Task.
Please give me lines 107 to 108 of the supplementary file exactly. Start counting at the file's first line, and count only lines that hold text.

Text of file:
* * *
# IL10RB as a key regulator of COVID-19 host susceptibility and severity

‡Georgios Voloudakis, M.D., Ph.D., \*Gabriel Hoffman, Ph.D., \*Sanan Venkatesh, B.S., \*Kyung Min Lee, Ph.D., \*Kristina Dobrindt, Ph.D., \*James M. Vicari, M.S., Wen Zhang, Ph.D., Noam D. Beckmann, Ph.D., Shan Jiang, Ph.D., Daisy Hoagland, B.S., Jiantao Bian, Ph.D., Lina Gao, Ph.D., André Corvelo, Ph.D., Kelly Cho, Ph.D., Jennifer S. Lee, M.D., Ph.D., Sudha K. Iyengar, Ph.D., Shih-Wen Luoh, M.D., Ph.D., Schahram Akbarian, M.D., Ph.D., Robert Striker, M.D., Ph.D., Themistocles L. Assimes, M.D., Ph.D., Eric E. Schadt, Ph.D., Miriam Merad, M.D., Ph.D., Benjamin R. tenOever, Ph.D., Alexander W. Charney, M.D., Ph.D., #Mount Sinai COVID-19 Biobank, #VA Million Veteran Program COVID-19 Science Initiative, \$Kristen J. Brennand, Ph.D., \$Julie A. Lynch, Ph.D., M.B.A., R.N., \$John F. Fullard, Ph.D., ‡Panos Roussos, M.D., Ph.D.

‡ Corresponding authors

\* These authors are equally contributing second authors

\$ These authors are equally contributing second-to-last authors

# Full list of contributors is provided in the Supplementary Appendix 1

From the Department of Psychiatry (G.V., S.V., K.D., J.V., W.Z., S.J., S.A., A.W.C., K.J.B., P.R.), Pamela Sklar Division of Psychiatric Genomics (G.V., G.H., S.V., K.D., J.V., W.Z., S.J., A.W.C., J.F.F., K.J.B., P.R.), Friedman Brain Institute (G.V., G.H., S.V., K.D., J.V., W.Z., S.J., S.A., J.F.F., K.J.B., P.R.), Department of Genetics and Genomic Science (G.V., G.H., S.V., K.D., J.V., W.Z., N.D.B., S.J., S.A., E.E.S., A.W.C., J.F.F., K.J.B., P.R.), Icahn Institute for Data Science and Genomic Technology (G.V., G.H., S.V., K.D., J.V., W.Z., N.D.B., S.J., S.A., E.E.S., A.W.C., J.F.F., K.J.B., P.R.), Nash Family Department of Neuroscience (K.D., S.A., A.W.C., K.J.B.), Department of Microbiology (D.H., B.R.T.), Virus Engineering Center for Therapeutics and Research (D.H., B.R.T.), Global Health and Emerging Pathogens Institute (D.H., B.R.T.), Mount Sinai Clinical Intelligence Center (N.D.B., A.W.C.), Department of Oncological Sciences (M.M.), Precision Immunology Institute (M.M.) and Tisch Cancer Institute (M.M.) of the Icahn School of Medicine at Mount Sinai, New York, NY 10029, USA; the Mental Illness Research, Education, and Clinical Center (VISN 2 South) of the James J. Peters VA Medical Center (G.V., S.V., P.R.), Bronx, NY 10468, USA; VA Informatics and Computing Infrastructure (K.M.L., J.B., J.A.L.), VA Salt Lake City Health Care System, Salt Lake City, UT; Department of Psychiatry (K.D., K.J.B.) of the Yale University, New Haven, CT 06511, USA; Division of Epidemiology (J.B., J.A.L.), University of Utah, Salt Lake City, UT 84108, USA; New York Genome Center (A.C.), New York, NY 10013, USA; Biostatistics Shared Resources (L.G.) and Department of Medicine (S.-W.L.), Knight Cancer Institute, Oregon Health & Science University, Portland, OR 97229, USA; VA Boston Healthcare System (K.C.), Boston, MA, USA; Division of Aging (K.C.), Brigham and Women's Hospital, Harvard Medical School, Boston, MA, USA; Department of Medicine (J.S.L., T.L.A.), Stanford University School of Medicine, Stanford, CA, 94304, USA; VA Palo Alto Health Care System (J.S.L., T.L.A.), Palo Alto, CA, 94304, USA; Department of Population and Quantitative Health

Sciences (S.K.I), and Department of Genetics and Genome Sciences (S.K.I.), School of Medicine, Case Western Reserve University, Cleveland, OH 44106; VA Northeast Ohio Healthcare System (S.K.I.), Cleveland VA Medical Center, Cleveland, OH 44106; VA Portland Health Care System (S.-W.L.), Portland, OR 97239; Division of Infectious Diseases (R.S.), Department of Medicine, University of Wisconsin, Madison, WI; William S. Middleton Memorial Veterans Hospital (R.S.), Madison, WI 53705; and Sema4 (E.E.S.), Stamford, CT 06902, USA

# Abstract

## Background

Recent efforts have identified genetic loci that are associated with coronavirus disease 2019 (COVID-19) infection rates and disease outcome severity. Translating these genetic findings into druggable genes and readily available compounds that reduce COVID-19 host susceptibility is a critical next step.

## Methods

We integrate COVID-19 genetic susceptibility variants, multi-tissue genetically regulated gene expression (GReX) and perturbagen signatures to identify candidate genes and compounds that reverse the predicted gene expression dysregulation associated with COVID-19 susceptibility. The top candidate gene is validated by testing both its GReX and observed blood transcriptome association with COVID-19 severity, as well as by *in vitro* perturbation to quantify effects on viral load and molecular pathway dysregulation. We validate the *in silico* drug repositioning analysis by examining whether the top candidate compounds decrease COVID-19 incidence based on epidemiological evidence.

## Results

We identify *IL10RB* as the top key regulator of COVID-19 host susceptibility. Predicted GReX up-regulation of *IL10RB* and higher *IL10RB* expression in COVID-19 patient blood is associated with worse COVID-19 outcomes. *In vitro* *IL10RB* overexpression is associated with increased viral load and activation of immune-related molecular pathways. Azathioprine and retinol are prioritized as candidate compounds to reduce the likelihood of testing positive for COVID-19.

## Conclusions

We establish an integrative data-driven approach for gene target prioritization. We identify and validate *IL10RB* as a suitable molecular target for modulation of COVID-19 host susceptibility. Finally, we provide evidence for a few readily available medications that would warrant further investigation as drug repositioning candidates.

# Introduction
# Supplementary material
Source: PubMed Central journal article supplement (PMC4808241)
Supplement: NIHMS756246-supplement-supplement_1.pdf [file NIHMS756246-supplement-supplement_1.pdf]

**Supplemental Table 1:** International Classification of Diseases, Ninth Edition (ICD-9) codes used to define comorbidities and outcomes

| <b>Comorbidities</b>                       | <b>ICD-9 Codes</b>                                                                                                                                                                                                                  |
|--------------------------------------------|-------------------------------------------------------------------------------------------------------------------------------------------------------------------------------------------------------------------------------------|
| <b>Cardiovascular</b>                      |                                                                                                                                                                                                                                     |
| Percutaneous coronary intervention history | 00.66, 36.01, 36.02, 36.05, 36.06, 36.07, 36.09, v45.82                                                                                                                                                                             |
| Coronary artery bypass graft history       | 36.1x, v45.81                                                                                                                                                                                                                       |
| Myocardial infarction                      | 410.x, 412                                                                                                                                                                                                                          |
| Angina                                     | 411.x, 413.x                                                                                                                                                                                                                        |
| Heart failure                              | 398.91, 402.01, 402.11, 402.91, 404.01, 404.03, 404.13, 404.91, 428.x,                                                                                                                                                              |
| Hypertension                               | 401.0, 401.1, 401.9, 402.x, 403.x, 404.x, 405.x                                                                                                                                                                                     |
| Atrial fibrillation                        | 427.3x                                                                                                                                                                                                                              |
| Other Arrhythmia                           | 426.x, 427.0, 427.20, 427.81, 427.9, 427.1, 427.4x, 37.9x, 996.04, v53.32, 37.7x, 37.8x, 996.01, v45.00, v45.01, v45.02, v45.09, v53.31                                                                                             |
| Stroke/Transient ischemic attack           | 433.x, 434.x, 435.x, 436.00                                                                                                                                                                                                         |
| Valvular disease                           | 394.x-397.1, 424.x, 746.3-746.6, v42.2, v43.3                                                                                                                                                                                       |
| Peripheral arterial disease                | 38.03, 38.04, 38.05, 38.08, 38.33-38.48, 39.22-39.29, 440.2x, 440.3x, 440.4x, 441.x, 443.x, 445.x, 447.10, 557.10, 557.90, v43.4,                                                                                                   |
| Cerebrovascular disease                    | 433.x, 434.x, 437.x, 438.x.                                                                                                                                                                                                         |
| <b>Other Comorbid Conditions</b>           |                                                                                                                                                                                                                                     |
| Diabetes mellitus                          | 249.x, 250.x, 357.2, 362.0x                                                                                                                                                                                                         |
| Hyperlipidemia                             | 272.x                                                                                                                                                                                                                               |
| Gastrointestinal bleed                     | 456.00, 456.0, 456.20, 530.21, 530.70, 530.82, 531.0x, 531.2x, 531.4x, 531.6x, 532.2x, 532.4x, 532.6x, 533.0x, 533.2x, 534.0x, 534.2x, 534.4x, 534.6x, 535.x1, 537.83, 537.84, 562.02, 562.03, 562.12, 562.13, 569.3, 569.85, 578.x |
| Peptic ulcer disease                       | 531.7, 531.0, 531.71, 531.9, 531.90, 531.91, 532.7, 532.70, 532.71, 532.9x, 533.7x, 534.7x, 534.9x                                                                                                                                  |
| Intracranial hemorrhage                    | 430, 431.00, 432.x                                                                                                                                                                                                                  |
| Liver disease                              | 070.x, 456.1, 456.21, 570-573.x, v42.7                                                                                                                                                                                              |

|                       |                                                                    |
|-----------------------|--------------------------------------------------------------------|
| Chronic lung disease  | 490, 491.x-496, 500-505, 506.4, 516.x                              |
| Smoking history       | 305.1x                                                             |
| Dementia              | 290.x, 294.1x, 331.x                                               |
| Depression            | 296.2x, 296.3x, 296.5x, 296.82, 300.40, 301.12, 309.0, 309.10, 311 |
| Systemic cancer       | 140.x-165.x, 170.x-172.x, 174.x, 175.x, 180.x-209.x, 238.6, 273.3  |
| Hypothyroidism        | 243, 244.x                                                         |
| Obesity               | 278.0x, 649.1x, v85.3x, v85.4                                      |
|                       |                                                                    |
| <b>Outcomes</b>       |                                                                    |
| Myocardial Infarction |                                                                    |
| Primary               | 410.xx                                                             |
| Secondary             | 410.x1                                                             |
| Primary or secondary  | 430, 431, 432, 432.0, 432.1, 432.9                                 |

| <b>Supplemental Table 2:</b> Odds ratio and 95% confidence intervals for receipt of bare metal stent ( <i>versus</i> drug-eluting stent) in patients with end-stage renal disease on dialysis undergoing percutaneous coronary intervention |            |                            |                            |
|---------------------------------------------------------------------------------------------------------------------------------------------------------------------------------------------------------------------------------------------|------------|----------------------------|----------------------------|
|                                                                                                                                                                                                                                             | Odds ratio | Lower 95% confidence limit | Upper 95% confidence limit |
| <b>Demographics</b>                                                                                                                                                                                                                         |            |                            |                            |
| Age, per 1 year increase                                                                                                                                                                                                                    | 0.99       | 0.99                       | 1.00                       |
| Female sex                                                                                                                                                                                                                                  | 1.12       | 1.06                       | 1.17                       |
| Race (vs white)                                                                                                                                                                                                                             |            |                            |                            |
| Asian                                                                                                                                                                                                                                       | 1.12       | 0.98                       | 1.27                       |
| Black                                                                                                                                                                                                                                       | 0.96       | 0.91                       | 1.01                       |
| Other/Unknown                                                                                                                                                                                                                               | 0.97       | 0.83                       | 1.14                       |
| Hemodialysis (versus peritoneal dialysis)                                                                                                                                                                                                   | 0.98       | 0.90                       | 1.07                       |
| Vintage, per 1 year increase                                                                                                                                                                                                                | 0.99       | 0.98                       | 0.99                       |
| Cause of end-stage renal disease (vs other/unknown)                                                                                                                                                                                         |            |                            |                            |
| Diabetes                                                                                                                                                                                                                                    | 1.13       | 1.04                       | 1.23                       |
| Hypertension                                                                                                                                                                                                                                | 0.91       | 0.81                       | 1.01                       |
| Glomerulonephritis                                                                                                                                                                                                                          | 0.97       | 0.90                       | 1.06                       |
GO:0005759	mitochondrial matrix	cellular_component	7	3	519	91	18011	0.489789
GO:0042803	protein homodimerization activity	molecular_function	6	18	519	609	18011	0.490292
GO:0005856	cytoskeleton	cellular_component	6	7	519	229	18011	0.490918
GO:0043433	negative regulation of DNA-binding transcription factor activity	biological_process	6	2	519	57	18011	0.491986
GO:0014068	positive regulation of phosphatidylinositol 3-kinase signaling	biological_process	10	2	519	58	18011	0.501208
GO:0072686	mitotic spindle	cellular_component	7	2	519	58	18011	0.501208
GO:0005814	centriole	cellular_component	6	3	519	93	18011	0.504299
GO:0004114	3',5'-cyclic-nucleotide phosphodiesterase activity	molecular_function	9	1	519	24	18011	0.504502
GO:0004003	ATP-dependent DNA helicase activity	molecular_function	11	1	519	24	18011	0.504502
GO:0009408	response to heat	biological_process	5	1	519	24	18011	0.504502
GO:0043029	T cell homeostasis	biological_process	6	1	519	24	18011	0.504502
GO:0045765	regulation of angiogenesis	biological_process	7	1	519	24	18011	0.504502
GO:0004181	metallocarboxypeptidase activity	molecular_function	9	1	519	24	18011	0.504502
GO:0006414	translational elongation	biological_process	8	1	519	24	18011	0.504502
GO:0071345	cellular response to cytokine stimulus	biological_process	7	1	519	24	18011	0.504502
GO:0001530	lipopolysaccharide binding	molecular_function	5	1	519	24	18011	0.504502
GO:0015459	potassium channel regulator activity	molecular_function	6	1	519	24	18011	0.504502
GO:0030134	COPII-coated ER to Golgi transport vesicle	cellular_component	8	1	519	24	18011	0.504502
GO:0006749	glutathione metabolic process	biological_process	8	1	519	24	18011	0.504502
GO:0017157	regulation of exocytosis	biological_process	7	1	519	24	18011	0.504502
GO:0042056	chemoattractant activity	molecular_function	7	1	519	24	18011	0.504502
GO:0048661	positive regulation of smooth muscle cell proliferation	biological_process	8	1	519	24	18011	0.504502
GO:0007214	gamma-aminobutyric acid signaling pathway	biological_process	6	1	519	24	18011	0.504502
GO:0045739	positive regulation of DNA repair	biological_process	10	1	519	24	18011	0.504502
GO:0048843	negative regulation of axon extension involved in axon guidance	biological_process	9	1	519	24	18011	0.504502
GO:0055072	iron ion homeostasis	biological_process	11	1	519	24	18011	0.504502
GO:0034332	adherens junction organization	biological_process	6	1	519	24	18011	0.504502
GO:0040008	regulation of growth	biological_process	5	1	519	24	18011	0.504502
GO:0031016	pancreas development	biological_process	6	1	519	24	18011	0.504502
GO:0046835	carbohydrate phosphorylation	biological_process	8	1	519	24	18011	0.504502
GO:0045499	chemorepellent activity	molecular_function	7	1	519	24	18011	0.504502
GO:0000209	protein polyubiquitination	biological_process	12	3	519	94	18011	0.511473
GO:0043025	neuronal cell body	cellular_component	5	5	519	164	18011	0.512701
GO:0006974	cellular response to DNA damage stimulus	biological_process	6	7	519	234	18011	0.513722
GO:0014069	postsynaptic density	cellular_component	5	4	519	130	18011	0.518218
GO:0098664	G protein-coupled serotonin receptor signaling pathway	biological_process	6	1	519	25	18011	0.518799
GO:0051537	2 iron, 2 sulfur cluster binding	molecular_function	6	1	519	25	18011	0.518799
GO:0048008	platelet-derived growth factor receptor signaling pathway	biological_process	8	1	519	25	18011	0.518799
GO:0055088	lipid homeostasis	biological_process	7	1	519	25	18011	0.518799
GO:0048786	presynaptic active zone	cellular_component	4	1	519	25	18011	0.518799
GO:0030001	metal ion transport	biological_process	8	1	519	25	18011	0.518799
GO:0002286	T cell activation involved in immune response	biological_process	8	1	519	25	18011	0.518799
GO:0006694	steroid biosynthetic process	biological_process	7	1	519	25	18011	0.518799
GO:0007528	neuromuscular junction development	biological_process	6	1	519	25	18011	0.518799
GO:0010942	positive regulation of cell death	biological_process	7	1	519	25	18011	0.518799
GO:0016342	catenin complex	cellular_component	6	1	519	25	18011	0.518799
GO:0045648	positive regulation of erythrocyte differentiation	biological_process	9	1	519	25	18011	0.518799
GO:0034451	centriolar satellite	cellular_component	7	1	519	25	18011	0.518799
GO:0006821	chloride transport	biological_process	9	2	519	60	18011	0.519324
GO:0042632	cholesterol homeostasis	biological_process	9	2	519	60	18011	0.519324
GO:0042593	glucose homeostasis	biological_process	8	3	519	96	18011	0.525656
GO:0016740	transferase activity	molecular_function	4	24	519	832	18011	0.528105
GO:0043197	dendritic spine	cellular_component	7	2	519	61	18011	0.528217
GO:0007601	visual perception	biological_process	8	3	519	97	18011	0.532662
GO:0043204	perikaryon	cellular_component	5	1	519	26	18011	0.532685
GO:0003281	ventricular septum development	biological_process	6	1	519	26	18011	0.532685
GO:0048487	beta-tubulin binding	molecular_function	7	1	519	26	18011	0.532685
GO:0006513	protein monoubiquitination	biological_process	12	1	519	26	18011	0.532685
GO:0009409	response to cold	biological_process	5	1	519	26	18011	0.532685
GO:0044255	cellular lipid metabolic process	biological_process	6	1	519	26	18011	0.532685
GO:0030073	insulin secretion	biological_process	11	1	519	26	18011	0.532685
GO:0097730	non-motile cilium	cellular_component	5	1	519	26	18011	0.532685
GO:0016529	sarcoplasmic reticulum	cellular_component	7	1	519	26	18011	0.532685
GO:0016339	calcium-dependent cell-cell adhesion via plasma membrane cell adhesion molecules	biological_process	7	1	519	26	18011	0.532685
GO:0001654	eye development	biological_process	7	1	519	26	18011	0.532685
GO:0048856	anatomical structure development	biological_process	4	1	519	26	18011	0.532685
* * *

GO:0000209	protein polyubiquitination	biological_process	12	3	519	94	18011	0.511473
GO:0043025	neuronal cell body	cellular_component	5	5	519	164	18011	0.512701